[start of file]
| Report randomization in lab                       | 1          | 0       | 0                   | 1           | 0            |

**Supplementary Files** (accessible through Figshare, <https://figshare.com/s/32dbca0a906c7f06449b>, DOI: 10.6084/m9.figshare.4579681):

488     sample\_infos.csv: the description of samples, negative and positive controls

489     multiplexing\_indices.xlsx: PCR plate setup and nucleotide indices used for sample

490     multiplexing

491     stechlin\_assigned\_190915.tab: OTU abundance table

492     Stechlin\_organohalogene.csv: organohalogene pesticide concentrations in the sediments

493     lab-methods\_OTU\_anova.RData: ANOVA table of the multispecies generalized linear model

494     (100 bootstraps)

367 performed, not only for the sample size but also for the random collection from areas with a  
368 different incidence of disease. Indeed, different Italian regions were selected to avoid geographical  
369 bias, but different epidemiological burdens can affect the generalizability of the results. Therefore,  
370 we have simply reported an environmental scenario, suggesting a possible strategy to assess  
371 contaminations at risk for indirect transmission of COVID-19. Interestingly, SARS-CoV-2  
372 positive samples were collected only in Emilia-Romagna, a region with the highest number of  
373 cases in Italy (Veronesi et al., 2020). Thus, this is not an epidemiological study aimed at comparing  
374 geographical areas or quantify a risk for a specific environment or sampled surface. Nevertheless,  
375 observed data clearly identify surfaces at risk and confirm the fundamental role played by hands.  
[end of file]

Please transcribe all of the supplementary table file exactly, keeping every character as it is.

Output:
| Report randomization in lab                       | 1          | 0       | 0                   | 1           | 0            |

**Supplementary Files** (accessible through Figshare, <https://figshare.com/s/32dbca0a906c7f06449b>, DOI: 10.6084/m9.figshare.4579681):

488     sample\_infos.csv: the description of samples, negative and positive controls

489     multiplexing\_indices.xlsx: PCR plate setup and nucleotide indices used for sample

490     multiplexing

491     stechlin\_assigned\_190915.tab: OTU abundance table

492     Stechlin\_organohalogene.csv: organohalogene pesticide concentrations in the sediments

493     lab-methods\_OTU\_anova.RData: ANOVA table of the multispecies generalized linear model

494     (100 bootstraps)

367 performed, not only for the sample size but also for the random collection from areas with a  
368 different incidence of disease. Indeed, different Italian regions were selected to avoid geographical  
369 bias, but different epidemiological burdens can affect the generalizability of the results. Therefore,  
370 we have simply reported an environmental scenario, suggesting a possible strategy to assess  
371 contaminations at risk for indirect transmission of COVID-19. Interestingly, SARS-CoV-2  
372 positive samples were collected only in Emilia-Romagna, a region with the highest number of  
373 cases in Italy (Veronesi et al., 2020). Thus, this is not an epidemiological study aimed at comparing  
374 geographical areas or quantify a risk for a specific environment or sampled surface. Nevertheless,  
375 observed data clearly identify surfaces at risk and confirm the fundamental role played by hands.  